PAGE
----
Extraterrestrials in existential trouble might be easiest to find—and also the most informative

Credit: Caleb Scharf
written about in the past). The second aspect is that it’s possible that sentient, technological species experiencing change and trauma might be the ones most likely to give away their presence to the rest of the galaxy.

For example, the trigger for that trauma might be when species approaches a particular level of planetary dominance. With their civilization reaching a tipping point of scale that is far more likely to produce detectable technosignatures for distant astronomers—whether as infrared excesses from waste energy or a flood of peculiar atmospheric compounds from polluting industrial processes.

But it could also be that it is precisely at this point in its existence that a species begins to really look beyond its planetary confines. Is it a coincidence that human spaceflight and dreams of putting settlers on Mars are revving up today in a way that they haven’t for decades? Or a coincidence that there is a resurgence of scientific interest in the search for extraterrestrial intelligence? Or that there is an ongoing acceleration in machine learning and algorithms and devices that have the potential to grow exponentially and subvert aspects of our cognitive existence?

I think it’s an interesting idea to consider that civilizations (for want of a more general term) may only begin to make their presence known in the universe when things get really busy, and really bad, at home.

Apart from passive technosignatures, like rapid climate change, the launch of interplanetary or interstellar spacecraft could, if beamed-light propulsion is utilized, produce potent signals detectable elsewhere in the cosmos. Communications with a growing population of exploration vehicles and settlements within a planetary system, or with probes launched to other stars, could also create a noisy beacon for other species to detect. Even efforts to terraform other worlds (and of course this is stretching the realm of possibilities a little), would present a rather shocking event to advanced alien observers steadily tracking the properties of a system.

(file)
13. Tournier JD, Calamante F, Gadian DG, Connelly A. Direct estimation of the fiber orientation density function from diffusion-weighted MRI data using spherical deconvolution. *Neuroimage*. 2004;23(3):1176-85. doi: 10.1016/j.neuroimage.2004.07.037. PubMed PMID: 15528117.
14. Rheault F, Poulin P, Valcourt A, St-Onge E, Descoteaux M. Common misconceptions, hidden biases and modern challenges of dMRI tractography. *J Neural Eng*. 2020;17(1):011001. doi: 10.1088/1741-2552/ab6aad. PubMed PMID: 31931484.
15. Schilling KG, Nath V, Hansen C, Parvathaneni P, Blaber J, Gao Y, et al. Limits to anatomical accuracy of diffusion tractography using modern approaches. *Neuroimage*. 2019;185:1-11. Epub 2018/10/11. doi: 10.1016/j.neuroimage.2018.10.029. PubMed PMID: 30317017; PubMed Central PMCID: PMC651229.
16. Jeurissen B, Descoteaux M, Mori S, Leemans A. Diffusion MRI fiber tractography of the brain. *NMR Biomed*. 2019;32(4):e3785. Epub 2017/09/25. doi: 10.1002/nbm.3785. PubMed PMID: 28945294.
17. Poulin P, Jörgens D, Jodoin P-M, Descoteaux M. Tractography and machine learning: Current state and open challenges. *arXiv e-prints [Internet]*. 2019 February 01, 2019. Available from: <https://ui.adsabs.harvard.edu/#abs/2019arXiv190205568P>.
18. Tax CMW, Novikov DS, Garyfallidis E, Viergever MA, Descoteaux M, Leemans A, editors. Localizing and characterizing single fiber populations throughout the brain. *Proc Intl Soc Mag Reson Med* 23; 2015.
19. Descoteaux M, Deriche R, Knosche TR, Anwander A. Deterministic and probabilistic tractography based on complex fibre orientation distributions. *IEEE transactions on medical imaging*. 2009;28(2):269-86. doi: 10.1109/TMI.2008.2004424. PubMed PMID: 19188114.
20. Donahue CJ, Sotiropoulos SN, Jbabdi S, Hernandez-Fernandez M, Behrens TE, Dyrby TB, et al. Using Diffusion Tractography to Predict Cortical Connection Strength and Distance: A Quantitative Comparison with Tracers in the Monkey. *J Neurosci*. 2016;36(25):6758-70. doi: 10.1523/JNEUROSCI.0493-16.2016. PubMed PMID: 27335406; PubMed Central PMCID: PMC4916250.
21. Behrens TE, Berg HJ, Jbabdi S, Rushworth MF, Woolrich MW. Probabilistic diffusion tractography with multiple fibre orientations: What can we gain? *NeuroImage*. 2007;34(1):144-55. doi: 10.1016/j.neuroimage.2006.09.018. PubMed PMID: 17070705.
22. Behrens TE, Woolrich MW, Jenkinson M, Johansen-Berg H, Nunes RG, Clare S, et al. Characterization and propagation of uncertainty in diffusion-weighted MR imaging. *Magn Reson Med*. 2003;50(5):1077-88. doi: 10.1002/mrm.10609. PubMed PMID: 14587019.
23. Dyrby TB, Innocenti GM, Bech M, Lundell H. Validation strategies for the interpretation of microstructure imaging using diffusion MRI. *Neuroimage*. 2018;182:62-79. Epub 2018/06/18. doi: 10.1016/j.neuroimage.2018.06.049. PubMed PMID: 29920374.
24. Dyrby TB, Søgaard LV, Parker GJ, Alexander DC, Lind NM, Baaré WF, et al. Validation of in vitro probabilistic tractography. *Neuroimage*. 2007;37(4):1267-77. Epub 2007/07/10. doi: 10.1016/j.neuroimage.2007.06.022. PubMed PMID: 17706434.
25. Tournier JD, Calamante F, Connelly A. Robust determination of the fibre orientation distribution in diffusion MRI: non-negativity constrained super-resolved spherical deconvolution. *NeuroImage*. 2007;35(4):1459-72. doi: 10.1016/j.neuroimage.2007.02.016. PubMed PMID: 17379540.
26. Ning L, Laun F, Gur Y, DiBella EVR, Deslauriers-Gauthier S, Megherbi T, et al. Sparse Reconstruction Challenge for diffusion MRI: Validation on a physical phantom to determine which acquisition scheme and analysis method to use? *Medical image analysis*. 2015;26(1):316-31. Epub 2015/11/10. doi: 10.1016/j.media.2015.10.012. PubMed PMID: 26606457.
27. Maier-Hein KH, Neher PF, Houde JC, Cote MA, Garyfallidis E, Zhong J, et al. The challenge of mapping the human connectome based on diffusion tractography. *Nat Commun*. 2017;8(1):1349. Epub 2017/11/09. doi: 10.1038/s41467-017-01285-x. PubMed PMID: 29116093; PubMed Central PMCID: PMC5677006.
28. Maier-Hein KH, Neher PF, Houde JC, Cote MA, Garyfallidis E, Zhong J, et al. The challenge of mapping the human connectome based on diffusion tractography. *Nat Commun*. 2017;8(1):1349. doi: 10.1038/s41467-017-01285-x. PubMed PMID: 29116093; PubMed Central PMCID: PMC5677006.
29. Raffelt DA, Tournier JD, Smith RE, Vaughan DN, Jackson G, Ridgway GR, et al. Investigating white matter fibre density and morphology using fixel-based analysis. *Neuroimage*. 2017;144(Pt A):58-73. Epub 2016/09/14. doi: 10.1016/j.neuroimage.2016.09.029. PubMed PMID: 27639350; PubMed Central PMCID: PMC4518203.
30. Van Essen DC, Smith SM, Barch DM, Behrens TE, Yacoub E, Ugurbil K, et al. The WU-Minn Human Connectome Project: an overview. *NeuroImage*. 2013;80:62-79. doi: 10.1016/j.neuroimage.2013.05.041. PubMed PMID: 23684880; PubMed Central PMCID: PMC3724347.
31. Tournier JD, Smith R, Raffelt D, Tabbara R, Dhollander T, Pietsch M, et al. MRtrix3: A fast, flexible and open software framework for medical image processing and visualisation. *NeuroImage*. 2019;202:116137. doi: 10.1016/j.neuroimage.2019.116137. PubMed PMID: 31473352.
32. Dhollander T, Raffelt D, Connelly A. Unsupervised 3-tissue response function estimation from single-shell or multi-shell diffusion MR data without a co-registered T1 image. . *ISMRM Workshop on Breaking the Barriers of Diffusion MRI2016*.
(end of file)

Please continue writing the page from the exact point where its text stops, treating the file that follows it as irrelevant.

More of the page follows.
And perhaps the ultimate in last-ditch attempts to avert a slow-rolling planetary disaster is to send out a distress signal, looking for answers to existential challenges; because at that point why not?

There is a catch though, and it relates to the well-worn ideas of the Fermi paradox. By the time a species is compelled into doing any of these things, and even before its planetary environment is pushed to a Klaxon-like tipping point, perhaps it simply fails. There is no Hail Mary, there isn’t even a noticeable last gasp, instead it all just shuts down. In which case the apparent absence of any evidence for other intelligence in the universe is not just because of our limited searches to date, it is because of a great filter that—like an exhausted parent—just puts an end to any coherent change. There is no bang, and there isn’t even a whimper.

That is of course awfully depressing. But there is a ray of hope, and it’s in the fact that our quest to look for other technological life in the universe is very, very far from complete. We may yet find ourselves detecting the shrieks of civilizations across our galaxy. Even if they’re experiencing their own apocalypse, we would learn critical things about the properties of a great filter; that there might be time yet to slither past it, and that at least we still have a way to go.



Caleb A. Scharf

Caleb A. Scharf is director of astrobiology at Columbia University. He is author and co-author of more than 100 scientific research articles in astronomy and astrophysics. His work has been featured in publications such as New Scientist, Scientific American, Science News, Cosmos Magazine, Physics Today and National Geographic. For many years he wrote the Life, Unbounded blog for Scientific American.

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